Jurisprudence

Is the Tide Turning on the Big Lie?

Rep. Adam Schiff explains why he thinks so.

Schiff gestures with one hand as he speaks onstage
Adam Schiff at a Center for American Progress forum in Washington in 2019. Reuters/Kevin Lamarque

The House select committee investigating the events of Jan. 6, 2021, made headlines last week after a resolution from the Republican National Committee formally censured Reps. Liz Cheney and Adam Kinzinger for serving on a body that was probing what the RNC newly deemed “legitimate political discourse.” One of the surprise aftereffects of the censure was that it exposed a rift between the RNC and Republican leaders, including Senate Minority Leader Mitch McConnell and former Vice President Mike Pence, who opted to condemn the violence and destruction at the Capitol that day, even as it further antagonized Donald Trump and his staunchest supporters.

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In an interview on this week’s Amicus podcast, I asked Rep. Adam Schiff, who serves on the Jan. 6 committee and was lead impeachment manager for the first Trump impeachment, whether he believes that the GOP’s blind devotion to the “Big Lie” about the “stolen” 2020 election had crossed some invisible line from merely expedient fabrication into something that some members of the GOP understand to be an exigent threat to democracy itself.

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Schiff told me that the GOP’s commitment to the Big Lie was comparable to the party’s messaging around the pandemic and vaccines. “The Republican Party, and Donald Trump, created its own monster that not even Donald Trump can control anymore,” he said. And when Trump takes to the stump and says people should get vaccinated, “he gets booed by his own people, Donald Trump booed by his own base.” In much the same way, Schiff added, “with respect to this big lie, they have pushed this snowball down the hill, and it has gathered so much momentum that it is taking on an irresistible force of its own.”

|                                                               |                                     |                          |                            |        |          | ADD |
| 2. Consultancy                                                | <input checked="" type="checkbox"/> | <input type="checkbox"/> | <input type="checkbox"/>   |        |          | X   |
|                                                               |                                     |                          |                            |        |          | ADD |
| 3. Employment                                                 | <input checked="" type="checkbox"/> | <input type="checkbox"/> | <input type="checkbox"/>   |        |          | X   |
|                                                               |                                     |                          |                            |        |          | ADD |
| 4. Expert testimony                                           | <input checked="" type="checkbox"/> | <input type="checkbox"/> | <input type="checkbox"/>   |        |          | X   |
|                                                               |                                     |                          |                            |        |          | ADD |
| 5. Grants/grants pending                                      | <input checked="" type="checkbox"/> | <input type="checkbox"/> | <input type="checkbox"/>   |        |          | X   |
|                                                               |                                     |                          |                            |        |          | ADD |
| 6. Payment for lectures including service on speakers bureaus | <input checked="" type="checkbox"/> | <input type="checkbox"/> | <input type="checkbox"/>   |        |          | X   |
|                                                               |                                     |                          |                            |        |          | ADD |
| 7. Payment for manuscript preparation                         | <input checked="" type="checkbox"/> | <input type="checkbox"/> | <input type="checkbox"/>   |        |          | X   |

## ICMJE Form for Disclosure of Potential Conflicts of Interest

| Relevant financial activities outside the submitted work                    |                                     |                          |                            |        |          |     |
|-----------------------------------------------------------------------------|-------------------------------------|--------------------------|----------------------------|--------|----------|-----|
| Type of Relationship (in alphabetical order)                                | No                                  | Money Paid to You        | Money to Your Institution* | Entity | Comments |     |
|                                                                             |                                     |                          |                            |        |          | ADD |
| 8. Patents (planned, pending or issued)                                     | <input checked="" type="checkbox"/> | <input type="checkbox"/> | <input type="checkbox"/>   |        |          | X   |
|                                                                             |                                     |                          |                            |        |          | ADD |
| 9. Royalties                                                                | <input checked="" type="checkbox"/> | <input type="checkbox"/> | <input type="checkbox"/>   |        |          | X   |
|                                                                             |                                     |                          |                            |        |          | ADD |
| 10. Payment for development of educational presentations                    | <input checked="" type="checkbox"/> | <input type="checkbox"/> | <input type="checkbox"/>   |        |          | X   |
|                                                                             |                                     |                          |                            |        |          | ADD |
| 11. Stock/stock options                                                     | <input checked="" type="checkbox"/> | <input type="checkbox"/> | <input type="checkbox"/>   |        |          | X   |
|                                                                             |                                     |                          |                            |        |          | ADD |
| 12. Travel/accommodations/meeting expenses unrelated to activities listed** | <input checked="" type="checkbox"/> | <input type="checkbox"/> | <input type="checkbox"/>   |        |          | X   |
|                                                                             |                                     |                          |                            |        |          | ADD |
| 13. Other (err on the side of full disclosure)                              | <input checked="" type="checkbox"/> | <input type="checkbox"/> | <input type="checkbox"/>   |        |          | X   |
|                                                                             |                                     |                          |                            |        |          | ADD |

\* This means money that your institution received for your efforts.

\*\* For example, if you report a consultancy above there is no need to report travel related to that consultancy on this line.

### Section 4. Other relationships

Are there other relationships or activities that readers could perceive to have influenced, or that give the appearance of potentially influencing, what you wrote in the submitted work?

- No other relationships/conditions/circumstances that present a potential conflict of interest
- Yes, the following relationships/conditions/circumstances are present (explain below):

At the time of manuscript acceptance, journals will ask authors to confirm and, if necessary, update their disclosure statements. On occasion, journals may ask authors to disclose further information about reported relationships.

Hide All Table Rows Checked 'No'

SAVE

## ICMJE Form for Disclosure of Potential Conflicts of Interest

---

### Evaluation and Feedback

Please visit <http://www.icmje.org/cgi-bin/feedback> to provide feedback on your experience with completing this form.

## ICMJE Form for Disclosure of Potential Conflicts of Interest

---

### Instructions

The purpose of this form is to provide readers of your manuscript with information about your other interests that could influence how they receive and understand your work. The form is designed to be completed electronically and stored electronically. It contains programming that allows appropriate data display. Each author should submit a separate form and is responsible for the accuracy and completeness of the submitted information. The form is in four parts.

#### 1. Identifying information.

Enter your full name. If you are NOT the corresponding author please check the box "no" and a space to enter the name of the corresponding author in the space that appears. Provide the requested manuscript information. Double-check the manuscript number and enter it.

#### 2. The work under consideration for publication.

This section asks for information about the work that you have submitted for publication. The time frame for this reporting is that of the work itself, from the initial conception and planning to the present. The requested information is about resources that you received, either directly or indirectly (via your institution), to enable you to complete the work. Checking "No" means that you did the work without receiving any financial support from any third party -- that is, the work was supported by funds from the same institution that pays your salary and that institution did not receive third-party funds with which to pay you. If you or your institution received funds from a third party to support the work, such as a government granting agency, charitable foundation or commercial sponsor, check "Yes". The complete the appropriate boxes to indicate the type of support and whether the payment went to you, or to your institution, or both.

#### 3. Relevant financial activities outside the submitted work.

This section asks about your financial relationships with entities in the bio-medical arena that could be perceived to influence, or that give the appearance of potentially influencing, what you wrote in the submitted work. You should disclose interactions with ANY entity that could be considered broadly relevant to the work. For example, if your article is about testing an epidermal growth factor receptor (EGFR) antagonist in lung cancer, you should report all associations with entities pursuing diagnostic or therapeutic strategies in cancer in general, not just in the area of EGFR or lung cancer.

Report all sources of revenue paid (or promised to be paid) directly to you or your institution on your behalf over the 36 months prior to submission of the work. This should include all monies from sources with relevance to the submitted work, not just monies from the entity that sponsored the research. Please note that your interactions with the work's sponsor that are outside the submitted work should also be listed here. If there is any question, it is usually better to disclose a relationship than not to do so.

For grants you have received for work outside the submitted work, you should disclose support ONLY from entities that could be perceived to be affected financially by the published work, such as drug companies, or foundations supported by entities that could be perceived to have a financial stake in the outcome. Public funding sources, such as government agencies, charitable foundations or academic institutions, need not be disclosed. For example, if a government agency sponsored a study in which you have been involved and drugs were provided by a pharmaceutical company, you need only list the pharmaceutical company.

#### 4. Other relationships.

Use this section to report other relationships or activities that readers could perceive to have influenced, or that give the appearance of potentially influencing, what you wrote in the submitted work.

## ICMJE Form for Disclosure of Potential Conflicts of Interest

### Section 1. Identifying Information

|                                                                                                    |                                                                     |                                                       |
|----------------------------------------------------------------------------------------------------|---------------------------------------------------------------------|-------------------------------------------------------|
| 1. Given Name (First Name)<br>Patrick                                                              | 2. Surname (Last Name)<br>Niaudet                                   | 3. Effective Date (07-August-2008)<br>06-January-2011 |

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One of the reasons the Big Lie becomes harder and harder to sustain, Schiff said, is that “on Jan. 6, you had Republican members of Congress challenge the electors from their own states, claim that the ballots which elected Joe Biden were fraudulent, when they were elected on the same ballot.” As Schiff put it, “I do think that some of these Republicans, like Mitch McConnell, recognize that this monster may consume them too, that if they’re going to go along with the big lie, then that big lie could be used against them in their own election.”

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Given the fact that this is a problem for GOP leadership, and not for a base that is wedded to the original Trumpist messaging around both vaccines and stolen elections, I asked Schiff whether, after a Mueller report and two impeachment efforts, it made any sense to participate in yet another investigation that was neither fish nor fowl—not quite law, not quite politics. The investigation is unlikely to change the minds of many stalwart believers that Joe Biden did not legitimately win the 2020 election. Multiple lawsuits have already proved otherwise. This isn’t a criminal process, and it doesn’t necessarily bring legal consequences, so is it just a first draft of history?